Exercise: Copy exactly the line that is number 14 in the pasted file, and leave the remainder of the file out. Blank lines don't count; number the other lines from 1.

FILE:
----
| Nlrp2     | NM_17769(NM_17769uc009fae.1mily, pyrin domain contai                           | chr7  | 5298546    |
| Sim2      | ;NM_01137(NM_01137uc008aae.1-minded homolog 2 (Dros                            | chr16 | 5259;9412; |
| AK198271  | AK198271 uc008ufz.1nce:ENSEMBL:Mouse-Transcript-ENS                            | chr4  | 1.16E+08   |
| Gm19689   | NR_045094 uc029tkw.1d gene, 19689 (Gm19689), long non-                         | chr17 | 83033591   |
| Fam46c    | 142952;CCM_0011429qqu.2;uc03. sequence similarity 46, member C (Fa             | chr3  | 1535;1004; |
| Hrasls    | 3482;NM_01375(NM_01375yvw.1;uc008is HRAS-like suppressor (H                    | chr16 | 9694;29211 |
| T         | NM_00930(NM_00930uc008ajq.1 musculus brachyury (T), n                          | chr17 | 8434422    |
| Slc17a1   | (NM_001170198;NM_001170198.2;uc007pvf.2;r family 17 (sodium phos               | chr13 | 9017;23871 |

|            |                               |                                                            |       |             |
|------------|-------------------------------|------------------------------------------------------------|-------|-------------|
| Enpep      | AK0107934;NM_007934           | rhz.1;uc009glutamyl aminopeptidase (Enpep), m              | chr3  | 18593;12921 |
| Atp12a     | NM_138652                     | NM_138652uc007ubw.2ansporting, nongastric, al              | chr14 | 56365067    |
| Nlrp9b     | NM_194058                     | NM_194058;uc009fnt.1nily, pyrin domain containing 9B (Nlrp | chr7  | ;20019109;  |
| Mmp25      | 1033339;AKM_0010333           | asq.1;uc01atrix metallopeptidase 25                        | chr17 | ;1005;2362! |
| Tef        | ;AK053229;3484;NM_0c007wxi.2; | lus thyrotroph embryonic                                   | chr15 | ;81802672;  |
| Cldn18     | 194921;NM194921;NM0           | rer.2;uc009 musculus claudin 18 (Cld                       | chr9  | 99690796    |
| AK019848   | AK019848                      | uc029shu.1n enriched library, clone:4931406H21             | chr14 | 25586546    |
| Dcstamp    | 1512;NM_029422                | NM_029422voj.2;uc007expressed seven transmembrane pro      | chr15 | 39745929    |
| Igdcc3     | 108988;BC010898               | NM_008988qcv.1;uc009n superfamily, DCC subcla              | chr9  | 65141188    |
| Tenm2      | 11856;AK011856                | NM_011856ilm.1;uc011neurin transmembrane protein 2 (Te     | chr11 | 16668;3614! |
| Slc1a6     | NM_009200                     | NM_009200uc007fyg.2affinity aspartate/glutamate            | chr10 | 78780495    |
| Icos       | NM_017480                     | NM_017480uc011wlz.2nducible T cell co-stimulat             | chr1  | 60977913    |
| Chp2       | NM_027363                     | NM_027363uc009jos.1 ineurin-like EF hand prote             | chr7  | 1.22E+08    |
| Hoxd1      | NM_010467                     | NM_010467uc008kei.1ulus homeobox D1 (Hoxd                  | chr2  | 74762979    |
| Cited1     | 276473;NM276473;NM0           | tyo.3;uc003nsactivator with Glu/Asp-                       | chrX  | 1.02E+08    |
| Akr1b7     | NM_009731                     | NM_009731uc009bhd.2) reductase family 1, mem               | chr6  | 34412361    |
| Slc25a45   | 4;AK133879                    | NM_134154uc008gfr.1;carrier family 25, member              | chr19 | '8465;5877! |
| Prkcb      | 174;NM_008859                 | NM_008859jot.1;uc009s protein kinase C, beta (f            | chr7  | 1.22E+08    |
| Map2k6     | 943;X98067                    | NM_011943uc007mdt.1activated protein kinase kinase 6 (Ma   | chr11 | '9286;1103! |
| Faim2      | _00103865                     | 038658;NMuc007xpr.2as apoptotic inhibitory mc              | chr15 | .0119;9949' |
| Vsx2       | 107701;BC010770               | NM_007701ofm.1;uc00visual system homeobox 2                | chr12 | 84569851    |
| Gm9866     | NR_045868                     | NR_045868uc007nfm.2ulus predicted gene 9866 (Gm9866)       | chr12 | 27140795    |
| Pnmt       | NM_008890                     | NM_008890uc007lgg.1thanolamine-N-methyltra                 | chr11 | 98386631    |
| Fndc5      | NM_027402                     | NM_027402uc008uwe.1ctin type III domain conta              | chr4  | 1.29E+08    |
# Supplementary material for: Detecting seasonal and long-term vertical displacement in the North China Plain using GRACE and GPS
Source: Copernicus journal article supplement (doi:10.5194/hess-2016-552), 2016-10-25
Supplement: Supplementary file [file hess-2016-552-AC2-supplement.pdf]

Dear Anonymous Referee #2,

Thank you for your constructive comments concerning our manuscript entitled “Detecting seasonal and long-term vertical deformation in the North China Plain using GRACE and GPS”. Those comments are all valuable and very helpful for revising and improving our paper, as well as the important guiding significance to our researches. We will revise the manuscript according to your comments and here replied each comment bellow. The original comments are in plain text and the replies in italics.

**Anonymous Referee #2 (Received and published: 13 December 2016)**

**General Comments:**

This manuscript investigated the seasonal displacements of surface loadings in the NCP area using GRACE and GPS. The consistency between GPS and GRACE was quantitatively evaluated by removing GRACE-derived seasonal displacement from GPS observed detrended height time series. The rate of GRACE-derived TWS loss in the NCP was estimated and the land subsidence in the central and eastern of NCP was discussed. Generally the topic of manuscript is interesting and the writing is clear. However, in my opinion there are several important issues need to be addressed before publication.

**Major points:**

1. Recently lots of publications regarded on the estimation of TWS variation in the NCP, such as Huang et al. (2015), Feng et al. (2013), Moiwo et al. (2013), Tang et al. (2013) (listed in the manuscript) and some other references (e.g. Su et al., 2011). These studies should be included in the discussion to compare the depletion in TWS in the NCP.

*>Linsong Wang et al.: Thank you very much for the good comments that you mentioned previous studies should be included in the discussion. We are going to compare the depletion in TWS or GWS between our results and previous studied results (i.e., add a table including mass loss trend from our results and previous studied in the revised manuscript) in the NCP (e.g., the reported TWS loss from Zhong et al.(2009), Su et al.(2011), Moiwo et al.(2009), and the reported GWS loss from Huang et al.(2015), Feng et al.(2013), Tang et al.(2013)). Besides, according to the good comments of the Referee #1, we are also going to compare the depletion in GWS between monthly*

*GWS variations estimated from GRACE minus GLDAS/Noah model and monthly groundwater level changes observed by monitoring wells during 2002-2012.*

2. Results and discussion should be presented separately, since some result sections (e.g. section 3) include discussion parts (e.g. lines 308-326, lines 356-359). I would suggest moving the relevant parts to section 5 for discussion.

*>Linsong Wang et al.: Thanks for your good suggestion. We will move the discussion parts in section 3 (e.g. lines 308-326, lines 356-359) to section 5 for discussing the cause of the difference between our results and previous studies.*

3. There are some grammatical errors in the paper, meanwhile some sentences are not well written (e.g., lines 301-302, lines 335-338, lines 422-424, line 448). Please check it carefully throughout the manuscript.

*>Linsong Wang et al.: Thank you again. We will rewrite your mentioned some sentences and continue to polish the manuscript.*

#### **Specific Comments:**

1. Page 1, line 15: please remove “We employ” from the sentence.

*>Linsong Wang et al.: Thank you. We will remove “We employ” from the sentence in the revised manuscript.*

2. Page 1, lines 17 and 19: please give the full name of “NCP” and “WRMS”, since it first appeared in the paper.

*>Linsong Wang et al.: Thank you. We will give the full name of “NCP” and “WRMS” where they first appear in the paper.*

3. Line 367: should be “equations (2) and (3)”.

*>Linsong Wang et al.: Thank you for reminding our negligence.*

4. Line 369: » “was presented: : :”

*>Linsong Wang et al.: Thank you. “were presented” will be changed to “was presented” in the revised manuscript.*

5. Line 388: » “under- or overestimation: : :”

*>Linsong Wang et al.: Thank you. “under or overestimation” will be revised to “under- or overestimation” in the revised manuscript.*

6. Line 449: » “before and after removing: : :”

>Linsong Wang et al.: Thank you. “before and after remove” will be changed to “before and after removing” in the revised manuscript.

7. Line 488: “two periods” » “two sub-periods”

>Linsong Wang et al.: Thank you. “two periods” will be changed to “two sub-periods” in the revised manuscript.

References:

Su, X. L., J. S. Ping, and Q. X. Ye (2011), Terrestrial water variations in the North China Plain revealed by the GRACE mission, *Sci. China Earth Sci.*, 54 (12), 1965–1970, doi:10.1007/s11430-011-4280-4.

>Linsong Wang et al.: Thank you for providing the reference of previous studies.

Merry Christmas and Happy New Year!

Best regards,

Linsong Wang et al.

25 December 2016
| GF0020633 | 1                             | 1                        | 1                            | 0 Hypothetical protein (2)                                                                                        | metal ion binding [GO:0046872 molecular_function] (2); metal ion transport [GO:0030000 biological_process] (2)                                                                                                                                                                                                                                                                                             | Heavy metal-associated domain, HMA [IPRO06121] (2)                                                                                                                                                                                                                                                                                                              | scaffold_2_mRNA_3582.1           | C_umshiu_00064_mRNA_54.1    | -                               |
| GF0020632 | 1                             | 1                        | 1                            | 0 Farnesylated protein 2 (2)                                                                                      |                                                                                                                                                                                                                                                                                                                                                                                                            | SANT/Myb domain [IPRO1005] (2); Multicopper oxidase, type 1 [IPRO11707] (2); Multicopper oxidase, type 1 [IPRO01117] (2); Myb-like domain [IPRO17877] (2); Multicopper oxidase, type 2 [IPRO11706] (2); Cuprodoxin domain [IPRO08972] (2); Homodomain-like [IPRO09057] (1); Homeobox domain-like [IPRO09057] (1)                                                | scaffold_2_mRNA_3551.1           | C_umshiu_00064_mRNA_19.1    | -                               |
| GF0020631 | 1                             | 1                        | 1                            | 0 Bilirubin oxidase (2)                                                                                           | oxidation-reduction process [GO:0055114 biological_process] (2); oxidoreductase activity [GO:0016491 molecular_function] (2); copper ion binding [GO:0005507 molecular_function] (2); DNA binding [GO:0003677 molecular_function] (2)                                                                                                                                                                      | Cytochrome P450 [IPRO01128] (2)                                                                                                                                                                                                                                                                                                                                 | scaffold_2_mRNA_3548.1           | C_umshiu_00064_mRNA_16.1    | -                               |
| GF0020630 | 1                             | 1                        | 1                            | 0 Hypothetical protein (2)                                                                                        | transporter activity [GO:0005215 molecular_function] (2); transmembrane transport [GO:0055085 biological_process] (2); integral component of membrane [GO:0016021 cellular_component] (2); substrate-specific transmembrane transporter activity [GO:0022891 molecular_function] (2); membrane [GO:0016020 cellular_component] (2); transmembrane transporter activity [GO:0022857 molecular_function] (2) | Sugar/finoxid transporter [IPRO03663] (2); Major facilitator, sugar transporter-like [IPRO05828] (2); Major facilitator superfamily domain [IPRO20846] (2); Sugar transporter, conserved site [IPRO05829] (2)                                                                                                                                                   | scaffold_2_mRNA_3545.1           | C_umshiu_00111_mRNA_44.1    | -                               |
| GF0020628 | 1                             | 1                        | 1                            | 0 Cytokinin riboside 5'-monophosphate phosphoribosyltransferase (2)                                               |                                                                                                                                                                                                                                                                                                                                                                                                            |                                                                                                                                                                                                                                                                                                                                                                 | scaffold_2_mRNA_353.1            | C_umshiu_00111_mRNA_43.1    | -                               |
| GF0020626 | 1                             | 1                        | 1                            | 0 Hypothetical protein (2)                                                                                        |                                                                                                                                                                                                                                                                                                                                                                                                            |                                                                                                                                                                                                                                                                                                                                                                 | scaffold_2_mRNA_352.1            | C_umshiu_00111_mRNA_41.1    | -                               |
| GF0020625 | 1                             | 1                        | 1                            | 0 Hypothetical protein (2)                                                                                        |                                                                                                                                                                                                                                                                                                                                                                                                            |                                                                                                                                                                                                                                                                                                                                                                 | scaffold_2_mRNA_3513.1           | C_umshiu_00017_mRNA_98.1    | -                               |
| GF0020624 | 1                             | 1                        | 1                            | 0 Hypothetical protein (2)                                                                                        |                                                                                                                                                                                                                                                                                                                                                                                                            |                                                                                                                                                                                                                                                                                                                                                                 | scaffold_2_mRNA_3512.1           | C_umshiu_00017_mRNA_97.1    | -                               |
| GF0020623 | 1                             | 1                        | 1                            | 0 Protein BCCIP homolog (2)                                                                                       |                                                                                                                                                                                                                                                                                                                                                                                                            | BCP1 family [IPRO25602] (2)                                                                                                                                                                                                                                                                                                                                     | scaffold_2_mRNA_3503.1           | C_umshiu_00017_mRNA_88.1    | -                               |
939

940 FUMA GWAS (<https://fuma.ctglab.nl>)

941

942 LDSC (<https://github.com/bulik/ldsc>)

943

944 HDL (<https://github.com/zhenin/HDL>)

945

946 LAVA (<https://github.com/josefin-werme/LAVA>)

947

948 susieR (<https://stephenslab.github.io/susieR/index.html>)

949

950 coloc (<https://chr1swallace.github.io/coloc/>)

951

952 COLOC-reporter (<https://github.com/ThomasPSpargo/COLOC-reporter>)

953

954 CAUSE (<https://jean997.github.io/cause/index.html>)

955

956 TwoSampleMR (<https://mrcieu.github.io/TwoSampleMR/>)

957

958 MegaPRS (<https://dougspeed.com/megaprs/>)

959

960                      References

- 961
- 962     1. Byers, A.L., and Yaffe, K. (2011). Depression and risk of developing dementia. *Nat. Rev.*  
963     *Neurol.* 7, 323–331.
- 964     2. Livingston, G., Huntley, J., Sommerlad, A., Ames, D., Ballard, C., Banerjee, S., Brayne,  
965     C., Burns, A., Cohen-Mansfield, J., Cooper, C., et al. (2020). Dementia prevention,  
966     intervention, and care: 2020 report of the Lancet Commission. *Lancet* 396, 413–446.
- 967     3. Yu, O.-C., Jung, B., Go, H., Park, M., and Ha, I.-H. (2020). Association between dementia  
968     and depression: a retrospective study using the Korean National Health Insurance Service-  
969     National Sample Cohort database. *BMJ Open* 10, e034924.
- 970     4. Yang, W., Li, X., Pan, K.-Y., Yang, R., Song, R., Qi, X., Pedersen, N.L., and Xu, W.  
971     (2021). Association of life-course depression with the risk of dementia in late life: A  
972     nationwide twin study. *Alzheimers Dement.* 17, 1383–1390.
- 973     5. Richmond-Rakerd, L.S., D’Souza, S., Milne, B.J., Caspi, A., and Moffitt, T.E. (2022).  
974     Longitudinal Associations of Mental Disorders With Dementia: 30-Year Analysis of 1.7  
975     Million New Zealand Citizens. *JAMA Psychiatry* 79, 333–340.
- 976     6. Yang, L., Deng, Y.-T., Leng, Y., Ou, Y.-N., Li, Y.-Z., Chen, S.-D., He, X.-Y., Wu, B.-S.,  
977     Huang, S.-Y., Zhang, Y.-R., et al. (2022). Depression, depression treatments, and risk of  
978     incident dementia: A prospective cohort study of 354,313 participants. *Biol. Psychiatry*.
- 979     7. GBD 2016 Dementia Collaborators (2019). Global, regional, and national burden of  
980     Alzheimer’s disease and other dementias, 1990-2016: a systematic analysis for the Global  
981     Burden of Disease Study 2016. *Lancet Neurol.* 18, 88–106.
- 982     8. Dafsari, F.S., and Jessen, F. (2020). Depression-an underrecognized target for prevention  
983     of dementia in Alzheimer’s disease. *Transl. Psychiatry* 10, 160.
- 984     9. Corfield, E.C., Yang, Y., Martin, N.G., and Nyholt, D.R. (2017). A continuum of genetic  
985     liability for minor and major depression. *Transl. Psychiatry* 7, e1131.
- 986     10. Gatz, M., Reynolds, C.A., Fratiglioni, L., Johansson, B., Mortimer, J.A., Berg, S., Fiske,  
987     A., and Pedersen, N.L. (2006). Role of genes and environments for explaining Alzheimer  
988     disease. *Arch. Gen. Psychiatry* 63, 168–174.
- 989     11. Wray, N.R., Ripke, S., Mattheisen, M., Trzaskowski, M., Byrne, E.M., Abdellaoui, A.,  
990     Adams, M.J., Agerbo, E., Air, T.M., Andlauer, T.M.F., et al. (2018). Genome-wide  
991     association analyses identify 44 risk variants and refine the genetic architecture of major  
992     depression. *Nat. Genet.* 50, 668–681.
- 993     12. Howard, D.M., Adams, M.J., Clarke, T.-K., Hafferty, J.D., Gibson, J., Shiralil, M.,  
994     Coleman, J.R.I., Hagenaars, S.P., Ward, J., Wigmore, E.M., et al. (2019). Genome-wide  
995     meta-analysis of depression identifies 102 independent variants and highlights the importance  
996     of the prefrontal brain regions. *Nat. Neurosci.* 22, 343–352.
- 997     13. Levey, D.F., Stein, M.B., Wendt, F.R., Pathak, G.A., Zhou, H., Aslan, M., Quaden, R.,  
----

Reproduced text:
| Mmp25      | 1033339;AKM_0010333           | asq.1;uc01atrix metallopeptidase 25                        | chr17 | ;1005;2362! |